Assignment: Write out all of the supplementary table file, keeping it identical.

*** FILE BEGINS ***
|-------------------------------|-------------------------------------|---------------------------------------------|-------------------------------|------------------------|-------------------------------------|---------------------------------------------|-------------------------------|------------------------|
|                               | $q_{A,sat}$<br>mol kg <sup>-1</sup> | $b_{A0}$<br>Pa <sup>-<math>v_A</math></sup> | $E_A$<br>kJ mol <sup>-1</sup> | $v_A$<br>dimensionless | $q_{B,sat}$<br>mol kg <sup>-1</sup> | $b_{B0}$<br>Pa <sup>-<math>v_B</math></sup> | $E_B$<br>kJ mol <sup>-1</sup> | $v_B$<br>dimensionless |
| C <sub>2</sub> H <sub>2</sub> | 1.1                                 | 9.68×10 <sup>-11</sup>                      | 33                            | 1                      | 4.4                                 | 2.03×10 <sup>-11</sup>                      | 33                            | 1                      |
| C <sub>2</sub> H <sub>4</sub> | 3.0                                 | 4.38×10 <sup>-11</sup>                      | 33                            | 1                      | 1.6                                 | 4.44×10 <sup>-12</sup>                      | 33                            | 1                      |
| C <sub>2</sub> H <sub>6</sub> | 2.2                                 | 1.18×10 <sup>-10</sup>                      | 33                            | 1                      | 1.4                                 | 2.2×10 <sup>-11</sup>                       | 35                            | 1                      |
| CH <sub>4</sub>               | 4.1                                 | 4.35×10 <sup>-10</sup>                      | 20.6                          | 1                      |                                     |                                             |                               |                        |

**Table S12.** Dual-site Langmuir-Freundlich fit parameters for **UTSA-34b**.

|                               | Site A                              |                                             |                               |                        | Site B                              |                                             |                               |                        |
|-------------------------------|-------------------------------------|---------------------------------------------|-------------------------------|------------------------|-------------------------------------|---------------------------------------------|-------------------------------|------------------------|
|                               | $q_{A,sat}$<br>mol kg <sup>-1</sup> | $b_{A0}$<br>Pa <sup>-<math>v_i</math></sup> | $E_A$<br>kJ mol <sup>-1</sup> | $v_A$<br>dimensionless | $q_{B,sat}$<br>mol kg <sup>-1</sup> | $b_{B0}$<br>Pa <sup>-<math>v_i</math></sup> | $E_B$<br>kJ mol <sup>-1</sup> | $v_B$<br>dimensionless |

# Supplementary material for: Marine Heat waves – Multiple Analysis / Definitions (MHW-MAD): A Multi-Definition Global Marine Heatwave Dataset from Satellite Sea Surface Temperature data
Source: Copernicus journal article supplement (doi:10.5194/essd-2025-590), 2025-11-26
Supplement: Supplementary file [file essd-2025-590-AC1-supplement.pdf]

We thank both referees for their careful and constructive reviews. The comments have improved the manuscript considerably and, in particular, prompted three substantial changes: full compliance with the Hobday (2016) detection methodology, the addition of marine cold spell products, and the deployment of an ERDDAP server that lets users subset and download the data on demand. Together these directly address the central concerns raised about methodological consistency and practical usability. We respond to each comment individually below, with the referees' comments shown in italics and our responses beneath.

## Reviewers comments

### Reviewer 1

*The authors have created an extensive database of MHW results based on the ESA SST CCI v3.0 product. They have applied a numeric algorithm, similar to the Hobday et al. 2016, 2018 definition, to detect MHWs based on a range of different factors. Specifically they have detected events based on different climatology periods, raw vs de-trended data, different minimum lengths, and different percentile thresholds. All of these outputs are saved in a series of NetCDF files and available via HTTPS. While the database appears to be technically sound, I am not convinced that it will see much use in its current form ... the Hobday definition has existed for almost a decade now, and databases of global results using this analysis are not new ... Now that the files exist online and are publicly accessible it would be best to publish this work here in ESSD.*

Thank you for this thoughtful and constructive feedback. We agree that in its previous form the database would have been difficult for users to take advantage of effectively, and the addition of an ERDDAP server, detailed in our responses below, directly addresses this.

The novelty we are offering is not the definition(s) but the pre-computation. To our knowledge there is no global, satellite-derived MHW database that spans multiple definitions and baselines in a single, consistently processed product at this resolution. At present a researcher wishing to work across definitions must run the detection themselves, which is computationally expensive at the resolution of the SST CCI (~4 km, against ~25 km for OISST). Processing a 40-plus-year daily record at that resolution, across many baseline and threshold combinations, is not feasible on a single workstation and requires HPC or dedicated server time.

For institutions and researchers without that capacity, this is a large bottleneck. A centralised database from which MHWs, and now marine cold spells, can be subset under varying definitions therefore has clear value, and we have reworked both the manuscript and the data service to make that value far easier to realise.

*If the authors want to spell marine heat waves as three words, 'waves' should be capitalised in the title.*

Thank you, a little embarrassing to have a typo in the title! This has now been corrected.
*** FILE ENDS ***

|-------------------------------|-------------------------------------|---------------------------------------------|-------------------------------|------------------------|-------------------------------------|---------------------------------------------|-------------------------------|------------------------|
|                               | $q_{A,sat}$<br>mol kg <sup>-1</sup> | $b_{A0}$<br>Pa <sup>-<math>v_A</math></sup> | $E_A$<br>kJ mol <sup>-1</sup> | $v_A$<br>dimensionless | $q_{B,sat}$<br>mol kg <sup>-1</sup> | $b_{B0}$<br>Pa <sup>-<math>v_B</math></sup> | $E_B$<br>kJ mol <sup>-1</sup> | $v_B$<br>dimensionless |
| C <sub>2</sub> H <sub>2</sub> | 1.1                                 | 9.68×10 <sup>-11</sup>                      | 33                            | 1                      | 4.4                                 | 2.03×10 <sup>-11</sup>                      | 33                            | 1                      |
| C <sub>2</sub> H <sub>4</sub> | 3.0                                 | 4.38×10 <sup>-11</sup>                      | 33                            | 1                      | 1.6                                 | 4.44×10 <sup>-12</sup>                      | 33                            | 1                      |
| C <sub>2</sub> H <sub>6</sub> | 2.2                                 | 1.18×10 <sup>-10</sup>                      | 33                            | 1                      | 1.4                                 | 2.2×10 <sup>-11</sup>                       | 35                            | 1                      |
| CH <sub>4</sub>               | 4.1                                 | 4.35×10 <sup>-10</sup>                      | 20.6                          | 1                      |                                     |                                             |                               |                        |

**Table S12.** Dual-site Langmuir-Freundlich fit parameters for **UTSA-34b**.

|                               | Site A                              |                                             |                               |                        | Site B                              |                                             |                               |                        |
|-------------------------------|-------------------------------------|---------------------------------------------|-------------------------------|------------------------|-------------------------------------|---------------------------------------------|-------------------------------|------------------------|
|                               | $q_{A,sat}$<br>mol kg <sup>-1</sup> | $b_{A0}$<br>Pa <sup>-<math>v_i</math></sup> | $E_A$<br>kJ mol <sup>-1</sup> | $v_A$<br>dimensionless | $q_{B,sat}$<br>mol kg <sup>-1</sup> | $b_{B0}$<br>Pa <sup>-<math>v_i</math></sup> | $E_B$<br>kJ mol <sup>-1</sup> | $v_B$<br>dimensionless |

# Supplementary material for: Marine Heat waves – Multiple Analysis / Definitions (MHW-MAD): A Multi-Definition Global Marine Heatwave Dataset from Satellite Sea Surface Temperature data
Source: Copernicus journal article supplement (doi:10.5194/essd-2025-590), 2025-11-26
Supplement: Supplementary file [file essd-2025-590-AC1-supplement.pdf]

We thank both referees for their careful and constructive reviews. The comments have improved the manuscript considerably and, in particular, prompted three substantial changes: full compliance with the Hobday (2016) detection methodology, the addition of marine cold spell products, and the deployment of an ERDDAP server that lets users subset and download the data on demand. Together these directly address the central concerns raised about methodological consistency and practical usability. We respond to each comment individually below, with the referees' comments shown in italics and our responses beneath.

## Reviewers comments

### Reviewer 1

*The authors have created an extensive database of MHW results based on the ESA SST CCI v3.0 product. They have applied a numeric algorithm, similar to the Hobday et al. 2016, 2018 definition, to detect MHWs based on a range of different factors. Specifically they have detected events based on different climatology periods, raw vs de-trended data, different minimum lengths, and different percentile thresholds. All of these outputs are saved in a series of NetCDF files and available via HTTPS. While the database appears to be technically sound, I am not convinced that it will see much use in its current form ... the Hobday definition has existed for almost a decade now, and databases of global results using this analysis are not new ... Now that the files exist online and are publicly accessible it would be best to publish this work here in ESSD.*

Thank you for this thoughtful and constructive feedback. We agree that in its previous form the database would have been difficult for users to take advantage of effectively, and the addition of an ERDDAP server, detailed in our responses below, directly addresses this.

The novelty we are offering is not the definition(s) but the pre-computation. To our knowledge there is no global, satellite-derived MHW database that spans multiple definitions and baselines in a single, consistently processed product at this resolution. At present a researcher wishing to work across definitions must run the detection themselves, which is computationally expensive at the resolution of the SST CCI (~4 km, against ~25 km for OISST). Processing a 40-plus-year daily record at that resolution, across many baseline and threshold combinations, is not feasible on a single workstation and requires HPC or dedicated server time.

For institutions and researchers without that capacity, this is a large bottleneck. A centralised database from which MHWs, and now marine cold spells, can be subset under varying definitions therefore has clear value, and we have reworked both the manuscript and the data service to make that value far easier to realise.

*If the authors want to spell marine heat waves as three words, 'waves' should be capitalised in the title.*

Thank you, a little embarrassing to have a typo in the title! This has now been corrected.